When Connecticut employees try to leave their problems at home when they go to work, the challenge might be harder for women than men. A research study that surveyed nearly 17,000 people employed in a variety of industries who made workers' compensation claims looked specifically at the relationship between workplace accidents and depression, anxiety and fatigue. Although men suffered more injuries on the job, women who reported having behavioral health challenges had a greater risk of getting hurt at work.
The lead author of the study recommended that employers adopt a holistic approach to workplace safety. This effort should go beyond basic safety programs and strive to integrate well-being and safety.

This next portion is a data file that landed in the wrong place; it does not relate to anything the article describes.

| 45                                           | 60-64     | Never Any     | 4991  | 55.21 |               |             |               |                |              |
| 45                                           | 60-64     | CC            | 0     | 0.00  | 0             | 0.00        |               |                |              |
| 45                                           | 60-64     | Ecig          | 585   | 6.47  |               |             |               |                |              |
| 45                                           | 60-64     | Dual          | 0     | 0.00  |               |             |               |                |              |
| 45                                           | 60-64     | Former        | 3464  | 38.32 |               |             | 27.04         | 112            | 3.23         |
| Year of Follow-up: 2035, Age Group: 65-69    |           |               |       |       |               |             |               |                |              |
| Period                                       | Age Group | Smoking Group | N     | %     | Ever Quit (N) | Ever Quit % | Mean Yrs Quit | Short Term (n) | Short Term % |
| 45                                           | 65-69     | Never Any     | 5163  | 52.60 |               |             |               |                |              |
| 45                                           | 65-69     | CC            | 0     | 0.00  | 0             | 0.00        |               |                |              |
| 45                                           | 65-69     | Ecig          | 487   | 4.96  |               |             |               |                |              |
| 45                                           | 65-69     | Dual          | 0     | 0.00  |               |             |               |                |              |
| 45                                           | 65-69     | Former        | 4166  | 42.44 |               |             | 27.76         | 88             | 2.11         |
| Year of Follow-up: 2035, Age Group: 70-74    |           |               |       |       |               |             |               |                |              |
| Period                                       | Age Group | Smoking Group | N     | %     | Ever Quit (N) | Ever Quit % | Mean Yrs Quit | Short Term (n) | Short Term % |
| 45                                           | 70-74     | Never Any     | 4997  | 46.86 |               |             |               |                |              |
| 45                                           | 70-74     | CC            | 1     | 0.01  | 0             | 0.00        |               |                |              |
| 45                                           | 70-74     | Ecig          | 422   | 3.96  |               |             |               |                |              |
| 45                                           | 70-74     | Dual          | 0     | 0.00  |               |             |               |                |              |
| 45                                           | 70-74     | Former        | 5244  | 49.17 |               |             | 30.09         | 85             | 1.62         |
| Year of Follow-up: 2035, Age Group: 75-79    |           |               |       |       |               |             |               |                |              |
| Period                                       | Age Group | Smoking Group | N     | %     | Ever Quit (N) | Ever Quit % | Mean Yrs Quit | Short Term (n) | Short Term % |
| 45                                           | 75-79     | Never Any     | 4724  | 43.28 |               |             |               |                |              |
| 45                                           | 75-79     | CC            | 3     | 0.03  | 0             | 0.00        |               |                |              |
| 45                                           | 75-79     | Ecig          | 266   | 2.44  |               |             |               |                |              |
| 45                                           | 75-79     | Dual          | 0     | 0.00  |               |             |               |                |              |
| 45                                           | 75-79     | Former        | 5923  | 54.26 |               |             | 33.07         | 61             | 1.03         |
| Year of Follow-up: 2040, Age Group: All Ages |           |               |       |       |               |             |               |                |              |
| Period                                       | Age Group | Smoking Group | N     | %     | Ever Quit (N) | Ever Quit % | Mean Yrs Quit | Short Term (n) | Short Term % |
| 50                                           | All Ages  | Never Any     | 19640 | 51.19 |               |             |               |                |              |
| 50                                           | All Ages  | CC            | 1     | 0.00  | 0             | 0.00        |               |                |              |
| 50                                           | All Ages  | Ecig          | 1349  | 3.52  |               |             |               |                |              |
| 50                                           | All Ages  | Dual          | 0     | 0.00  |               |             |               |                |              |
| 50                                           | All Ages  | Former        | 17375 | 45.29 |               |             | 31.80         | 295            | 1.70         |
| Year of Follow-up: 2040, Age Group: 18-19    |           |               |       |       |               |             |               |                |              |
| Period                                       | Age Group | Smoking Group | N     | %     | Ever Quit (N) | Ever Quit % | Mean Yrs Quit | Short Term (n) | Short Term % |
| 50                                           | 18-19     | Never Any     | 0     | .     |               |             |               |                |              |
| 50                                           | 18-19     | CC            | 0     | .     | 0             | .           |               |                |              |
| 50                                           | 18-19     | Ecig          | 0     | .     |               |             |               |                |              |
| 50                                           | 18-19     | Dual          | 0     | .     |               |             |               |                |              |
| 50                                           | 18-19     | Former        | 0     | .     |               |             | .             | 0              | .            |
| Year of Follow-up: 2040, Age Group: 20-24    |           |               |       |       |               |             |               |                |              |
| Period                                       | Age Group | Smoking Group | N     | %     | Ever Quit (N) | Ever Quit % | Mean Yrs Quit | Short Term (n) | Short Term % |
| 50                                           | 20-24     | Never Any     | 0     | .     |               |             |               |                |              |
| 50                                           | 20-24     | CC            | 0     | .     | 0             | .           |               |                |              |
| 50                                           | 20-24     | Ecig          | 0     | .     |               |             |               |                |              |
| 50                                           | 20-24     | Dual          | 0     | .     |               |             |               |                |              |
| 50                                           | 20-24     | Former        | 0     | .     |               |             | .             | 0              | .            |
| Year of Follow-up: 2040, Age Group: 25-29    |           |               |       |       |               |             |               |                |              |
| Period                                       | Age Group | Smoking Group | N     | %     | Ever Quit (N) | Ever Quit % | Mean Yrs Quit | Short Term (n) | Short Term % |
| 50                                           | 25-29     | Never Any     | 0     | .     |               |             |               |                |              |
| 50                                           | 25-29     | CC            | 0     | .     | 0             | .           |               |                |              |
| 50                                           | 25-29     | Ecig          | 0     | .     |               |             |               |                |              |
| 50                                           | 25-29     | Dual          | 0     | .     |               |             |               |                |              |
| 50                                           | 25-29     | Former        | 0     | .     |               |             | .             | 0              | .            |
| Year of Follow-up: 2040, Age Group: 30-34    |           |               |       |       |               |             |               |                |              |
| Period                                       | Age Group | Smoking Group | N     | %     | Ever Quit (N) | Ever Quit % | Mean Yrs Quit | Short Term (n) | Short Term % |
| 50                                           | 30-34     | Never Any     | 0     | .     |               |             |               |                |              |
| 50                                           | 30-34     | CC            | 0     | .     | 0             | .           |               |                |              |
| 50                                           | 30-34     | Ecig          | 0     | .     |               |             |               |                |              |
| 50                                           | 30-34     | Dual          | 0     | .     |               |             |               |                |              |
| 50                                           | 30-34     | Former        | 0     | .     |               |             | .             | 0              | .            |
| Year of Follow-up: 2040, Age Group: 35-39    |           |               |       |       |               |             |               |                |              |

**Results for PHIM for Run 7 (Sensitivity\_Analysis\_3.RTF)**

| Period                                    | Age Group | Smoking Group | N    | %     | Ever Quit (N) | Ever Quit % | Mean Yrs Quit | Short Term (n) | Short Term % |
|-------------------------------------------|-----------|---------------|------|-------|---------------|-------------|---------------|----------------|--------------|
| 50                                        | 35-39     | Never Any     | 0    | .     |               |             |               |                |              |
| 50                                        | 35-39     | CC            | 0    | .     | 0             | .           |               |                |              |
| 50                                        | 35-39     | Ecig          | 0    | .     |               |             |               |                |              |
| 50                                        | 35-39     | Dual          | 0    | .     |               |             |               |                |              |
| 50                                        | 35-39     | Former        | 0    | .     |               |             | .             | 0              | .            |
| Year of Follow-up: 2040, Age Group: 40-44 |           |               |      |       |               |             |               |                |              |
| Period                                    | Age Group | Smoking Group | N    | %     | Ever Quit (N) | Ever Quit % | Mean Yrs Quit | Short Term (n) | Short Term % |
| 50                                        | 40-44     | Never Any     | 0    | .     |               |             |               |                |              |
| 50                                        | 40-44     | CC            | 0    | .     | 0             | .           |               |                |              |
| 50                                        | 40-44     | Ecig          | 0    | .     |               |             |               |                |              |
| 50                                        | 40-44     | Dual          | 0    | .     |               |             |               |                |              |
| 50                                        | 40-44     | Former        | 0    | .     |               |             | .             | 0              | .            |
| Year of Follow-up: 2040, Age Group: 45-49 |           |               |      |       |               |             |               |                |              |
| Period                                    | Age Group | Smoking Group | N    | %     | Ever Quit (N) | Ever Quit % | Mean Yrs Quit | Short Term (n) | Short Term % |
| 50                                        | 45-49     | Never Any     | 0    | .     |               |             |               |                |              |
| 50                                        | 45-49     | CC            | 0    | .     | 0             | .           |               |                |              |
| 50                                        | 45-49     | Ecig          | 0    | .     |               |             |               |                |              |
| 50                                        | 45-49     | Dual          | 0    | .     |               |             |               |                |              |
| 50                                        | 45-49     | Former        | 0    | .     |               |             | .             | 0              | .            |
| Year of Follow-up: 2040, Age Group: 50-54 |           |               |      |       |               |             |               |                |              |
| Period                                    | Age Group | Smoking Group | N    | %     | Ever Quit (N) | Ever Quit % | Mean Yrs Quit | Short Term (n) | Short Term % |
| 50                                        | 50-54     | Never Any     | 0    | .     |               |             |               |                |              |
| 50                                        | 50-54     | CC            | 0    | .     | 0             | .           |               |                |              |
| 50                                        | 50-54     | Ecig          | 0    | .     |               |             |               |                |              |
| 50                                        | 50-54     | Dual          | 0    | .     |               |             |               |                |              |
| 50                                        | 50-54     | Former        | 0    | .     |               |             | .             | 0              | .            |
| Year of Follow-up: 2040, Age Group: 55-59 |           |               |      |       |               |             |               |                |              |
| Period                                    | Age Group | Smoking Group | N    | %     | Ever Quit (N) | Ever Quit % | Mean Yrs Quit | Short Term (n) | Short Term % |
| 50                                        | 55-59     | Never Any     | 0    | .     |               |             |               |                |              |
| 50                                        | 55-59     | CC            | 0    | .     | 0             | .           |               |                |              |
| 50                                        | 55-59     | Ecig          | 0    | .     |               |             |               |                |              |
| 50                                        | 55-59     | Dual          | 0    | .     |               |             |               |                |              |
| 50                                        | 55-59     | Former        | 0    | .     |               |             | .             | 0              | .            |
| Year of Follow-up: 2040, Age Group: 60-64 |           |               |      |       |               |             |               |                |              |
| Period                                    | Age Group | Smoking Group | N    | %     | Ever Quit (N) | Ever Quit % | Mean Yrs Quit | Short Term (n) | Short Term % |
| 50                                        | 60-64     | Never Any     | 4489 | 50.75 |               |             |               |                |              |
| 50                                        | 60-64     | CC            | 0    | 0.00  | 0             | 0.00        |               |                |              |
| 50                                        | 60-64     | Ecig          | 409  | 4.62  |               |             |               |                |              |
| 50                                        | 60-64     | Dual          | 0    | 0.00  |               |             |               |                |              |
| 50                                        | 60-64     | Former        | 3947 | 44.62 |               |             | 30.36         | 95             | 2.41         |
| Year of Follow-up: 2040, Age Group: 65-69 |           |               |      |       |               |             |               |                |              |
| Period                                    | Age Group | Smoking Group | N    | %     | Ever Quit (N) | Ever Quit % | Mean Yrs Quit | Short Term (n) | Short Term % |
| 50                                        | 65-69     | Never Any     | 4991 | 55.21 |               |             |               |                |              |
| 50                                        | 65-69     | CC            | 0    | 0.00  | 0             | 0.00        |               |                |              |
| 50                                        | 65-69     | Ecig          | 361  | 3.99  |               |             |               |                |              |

Close to 60 percent of the women in the study acknowledged that they were struggling with depression, anxiety or fatigue when their accidents happened. Only 33 percent of men made the same admission. The researchers speculated that men might be more reticent about discussing their health, which might explain the disparity. The home environment might also impose a different set of stresses on women than men. The study was performed by the Colorado School of Public Health in conjunction with that state's largest workers' compensation insurance company.
Regardless of the cause, people who are injured on the job generally have the right to file a claim for workers' compensation benefits. These benefits can include the payment or reimbursement of medical expenses as well as in some cases a percentage of lost wages. An attorney can often be of assistance throughout the process.